VANCOUVER—Anecdotal reports, patient surveys, and studies have suggested that cannabis may help treat motor and nonmotor symptoms of Parkinson’s disease. Two studies presented at the 21st International Congress of Parkinson’s Disease and Movement Disorders further explored this possibility and assessed the effects of oral cannabidiol (CBD) and inhaled cannabis in patients with Parkinson’s disease.
Maureen A. Leehey, MD, Professor of Neurology and Chief of the Movement Disorders Division at the University of Colorado in Aurora, and colleagues conducted a phase II, open-label, dose-escalation study to evaluate the safety and tolerability of CBD (Epidiolex) in Parkinson’s disease. In addition, the researchers looked at secondary efficacy measures, including change in tremor, cognition, anxiety, psychosis, sleep, daytime sleepiness, mood, fatigue, and pain.
The researchers enrolled 13 patients who had a rest tremor amplitude score of 2 or greater on item 3.17 of the Unified Parkinson’s Disease Rating Scale (UPDRS). They excluded patients who had taken cannabinoids in the previous 30 days or had a history of drug or alcohol dependence.
Over a 31-day treatment period, patients received 5-, 7.5-, 10-, 15-, and 20-mg/kg/day doses of CBD. They received the highest dose on days 17–31. Patients had clinic visits at screening, baseline, and after the 31-day treatment period. Of the 13 patients enrolled, one failed the screening visit, another patient did not start the study drug, and another patient was on the study drug for two days. The 10 remaining patients were included in the adverse events analysis. Adverse events were mostly mild to moderate and included fatigue, diarrhea, somnolence, elevated liver enzymes, and dizziness. Three of the 10 patients dropped out of the study due to intolerance. One of the three patients had an allergic reaction and two had abdominal pain. There were no serious adverse events.
Among the seven patients who completed the treatment period and were included in the efficacy analysis, mean total UPDRS score significantly decreased from 45.9 at baseline to 36.4 at the final visit. UPDRS motor score significantly decreased from 27.3 to 20.3. Mean rigidity subscore significantly decreased from 9.14 to 6.29. In addition, data hinted that CBD treatment might have reduced pain and irritability, the researchers said.
These preliminary results indicate that CBD is tolerated, safe, and has beneficial effects in Parkinson’s disease, Dr. Leehey and colleagues said. The investigators next plan to conduct a crossover, double-blind, randomized controlled trial with 50 subjects.
Laurie K. Mischley, ND, PhD, MPH, Associate Clinical Investigator at Bastyr University Research Institute in Kenmore, Washington, and colleagues evaluated the effect of inhaled cannabis on Parkinson’s disease tremor using motion sensors and qualitative interviews.
The study included patients with Parkinson’s disease who used cannabis in the state of Washington. Patients wore a movement monitor for two weeks and logged their cannabis use in a journal. Sensors recorded the frequency and amplitude of tremor during waking hours, and participants pressed a button on the motion sensor every time they used cannabis. The researchers compared tremor duration and magnitude in the hour before and after inhaled cannabis use. After two weeks, interviewers asked participants standardized, open-ended, nonleading questions about their perception of the effects of cannabis on their symptoms.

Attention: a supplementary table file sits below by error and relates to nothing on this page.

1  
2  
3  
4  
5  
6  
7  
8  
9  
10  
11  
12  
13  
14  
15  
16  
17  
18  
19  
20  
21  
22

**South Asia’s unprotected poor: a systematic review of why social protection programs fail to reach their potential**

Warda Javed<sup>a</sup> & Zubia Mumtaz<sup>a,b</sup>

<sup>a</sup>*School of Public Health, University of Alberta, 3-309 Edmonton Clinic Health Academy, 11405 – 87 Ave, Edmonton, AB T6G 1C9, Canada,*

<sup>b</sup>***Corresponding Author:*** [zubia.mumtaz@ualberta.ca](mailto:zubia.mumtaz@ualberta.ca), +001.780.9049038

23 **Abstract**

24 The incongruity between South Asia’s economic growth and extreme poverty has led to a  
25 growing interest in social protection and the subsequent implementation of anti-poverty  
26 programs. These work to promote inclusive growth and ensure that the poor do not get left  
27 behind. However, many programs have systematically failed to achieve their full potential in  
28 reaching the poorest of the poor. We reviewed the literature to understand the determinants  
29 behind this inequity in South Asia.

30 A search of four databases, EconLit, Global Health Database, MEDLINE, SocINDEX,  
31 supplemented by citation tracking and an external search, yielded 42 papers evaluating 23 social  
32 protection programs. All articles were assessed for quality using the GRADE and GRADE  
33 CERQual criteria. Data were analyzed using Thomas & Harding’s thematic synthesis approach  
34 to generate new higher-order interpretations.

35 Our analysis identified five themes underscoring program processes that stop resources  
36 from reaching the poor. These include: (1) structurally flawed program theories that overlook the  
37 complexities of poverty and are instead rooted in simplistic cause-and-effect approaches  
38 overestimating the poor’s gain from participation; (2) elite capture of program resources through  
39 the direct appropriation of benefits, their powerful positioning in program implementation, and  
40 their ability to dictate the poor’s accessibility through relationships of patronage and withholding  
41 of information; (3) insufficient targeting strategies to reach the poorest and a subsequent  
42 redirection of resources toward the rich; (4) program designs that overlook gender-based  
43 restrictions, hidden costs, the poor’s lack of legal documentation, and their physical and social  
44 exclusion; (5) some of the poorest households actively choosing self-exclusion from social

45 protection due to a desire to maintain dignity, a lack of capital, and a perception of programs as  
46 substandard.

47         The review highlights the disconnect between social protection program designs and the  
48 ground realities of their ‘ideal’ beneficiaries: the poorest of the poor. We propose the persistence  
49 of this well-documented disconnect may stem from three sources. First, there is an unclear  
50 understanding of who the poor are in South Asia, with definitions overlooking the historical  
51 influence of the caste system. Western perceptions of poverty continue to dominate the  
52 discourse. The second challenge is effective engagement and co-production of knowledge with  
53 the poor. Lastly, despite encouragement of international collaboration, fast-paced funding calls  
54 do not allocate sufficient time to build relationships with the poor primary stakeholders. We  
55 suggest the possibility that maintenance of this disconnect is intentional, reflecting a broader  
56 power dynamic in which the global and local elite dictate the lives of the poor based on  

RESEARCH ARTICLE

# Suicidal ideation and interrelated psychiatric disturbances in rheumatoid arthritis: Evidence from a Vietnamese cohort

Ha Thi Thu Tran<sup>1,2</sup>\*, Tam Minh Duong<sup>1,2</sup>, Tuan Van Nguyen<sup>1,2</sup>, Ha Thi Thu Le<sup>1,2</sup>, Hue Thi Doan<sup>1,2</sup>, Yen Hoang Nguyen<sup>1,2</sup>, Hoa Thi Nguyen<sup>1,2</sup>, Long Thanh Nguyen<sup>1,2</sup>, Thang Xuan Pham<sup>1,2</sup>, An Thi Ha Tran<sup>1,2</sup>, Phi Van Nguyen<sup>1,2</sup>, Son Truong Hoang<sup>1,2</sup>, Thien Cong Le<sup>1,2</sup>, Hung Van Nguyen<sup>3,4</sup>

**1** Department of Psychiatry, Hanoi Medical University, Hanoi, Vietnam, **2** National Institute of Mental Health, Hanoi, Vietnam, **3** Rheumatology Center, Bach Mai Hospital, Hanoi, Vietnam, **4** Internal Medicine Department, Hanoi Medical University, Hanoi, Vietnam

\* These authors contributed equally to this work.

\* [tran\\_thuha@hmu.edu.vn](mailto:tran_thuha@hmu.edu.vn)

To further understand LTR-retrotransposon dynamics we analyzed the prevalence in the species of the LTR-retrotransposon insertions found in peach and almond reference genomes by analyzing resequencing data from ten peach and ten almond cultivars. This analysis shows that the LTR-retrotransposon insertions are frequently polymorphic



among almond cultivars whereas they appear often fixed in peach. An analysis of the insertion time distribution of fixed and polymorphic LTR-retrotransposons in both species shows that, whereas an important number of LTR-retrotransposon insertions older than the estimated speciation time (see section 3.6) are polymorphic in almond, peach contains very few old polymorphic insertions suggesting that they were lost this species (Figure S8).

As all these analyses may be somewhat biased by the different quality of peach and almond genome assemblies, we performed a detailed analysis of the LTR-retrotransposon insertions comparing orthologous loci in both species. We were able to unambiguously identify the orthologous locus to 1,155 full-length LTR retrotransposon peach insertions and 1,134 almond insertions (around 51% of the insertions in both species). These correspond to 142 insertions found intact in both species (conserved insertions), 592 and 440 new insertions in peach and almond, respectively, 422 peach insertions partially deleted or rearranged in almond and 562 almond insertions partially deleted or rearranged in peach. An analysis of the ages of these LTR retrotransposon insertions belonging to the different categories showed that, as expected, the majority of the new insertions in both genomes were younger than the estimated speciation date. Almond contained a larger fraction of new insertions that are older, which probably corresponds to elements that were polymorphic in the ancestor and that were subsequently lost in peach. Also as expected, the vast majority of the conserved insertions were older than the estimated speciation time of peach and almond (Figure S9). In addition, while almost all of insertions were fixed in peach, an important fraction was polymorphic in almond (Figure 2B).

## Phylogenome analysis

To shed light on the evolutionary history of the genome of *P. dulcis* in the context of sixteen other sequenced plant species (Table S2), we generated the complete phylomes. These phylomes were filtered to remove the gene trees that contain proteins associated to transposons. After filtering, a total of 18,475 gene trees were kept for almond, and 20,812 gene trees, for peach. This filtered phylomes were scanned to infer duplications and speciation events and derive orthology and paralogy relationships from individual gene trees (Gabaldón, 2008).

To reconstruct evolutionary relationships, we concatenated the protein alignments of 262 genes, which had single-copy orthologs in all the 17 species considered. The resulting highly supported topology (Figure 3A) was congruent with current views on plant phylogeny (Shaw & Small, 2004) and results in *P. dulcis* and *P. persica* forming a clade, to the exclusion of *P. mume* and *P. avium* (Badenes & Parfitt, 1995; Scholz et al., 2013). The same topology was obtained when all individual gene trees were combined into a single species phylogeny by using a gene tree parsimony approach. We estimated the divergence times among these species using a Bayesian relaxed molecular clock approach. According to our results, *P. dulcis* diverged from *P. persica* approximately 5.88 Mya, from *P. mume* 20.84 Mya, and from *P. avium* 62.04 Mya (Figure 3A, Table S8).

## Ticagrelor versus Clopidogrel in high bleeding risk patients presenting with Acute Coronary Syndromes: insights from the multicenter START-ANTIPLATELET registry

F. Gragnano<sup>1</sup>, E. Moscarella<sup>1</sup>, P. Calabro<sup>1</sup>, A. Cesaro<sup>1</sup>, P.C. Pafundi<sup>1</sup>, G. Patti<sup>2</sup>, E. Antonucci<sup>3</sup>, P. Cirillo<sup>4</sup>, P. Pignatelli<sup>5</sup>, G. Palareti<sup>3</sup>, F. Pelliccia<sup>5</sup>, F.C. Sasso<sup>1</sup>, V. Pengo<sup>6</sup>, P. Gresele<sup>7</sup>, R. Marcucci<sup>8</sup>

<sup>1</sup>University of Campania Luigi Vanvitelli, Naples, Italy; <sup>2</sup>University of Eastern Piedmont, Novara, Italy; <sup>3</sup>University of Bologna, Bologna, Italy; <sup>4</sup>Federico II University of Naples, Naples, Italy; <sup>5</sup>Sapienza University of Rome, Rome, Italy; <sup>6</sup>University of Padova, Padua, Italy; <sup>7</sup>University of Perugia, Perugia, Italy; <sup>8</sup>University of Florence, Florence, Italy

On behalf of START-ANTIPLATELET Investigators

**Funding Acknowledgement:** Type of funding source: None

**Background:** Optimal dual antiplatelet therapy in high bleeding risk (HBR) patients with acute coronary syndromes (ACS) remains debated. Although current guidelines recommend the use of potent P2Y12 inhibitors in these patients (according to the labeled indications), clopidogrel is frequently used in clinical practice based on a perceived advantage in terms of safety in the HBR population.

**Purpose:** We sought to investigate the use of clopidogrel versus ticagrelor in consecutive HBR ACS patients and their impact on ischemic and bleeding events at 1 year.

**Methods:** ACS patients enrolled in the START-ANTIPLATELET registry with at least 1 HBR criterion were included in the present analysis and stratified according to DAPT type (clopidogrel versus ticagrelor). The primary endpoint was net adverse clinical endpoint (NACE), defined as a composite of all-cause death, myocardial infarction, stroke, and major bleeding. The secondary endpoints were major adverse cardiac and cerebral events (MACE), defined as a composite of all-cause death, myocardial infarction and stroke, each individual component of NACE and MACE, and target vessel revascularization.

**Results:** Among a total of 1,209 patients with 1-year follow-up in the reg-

The 10 patients for whom they had data had a mean age of 60 (range, 40 to 74) and a mean time since diagnosis of 6.3 years. Among four participants who had more than 10 cannabis exposures and a measurable tremor more than 2% of the time in the hour before cannabis use during the study, the percent of the time with detected tremor significantly decreased in the hour after use. Sensor data suggested that tremor reduction may have been sustained for three hours after exposure to cannabis, the researchers said. “In those with a persistent tremor, there was a consistent decrease in the tremor persistence and in detected tremor magnitude following cannabis use,” the investigators said.
During the follow-up interview, nine of the 10 participants thought that cannabis helped their symptoms, and one patient thought it worsened symptoms. “The one participant who reported cannabis worsening symptoms specifically described, ‘sometimes it speeds up the tremor at the start’ but ‘then it relaxes it,’” the researchers said.
Side effects reported by patients included sleepiness, sluggishness, concerns about social stigma and driving, short-term memory, and dry throat.
“Improved sleep was an unsolicited theme during the qualitative interviews, with 60% of individuals reporting improvements,” Dr. Mischley and colleagues said. “The qualitative interviews suggest patients perceive cannabis to have therapeutic potential for Parkinson’s disease symptom management. These data suggest further investigation of cannabis for impaired sleep is warranted.”
The researchers noted that most subjects had a mild, intermittent tremor that was not reliably detected by the motion sensors. Future studies should enroll subjects with more pronounced tremor and use consistent cannabis strains, doses, and delivery systems, they said.
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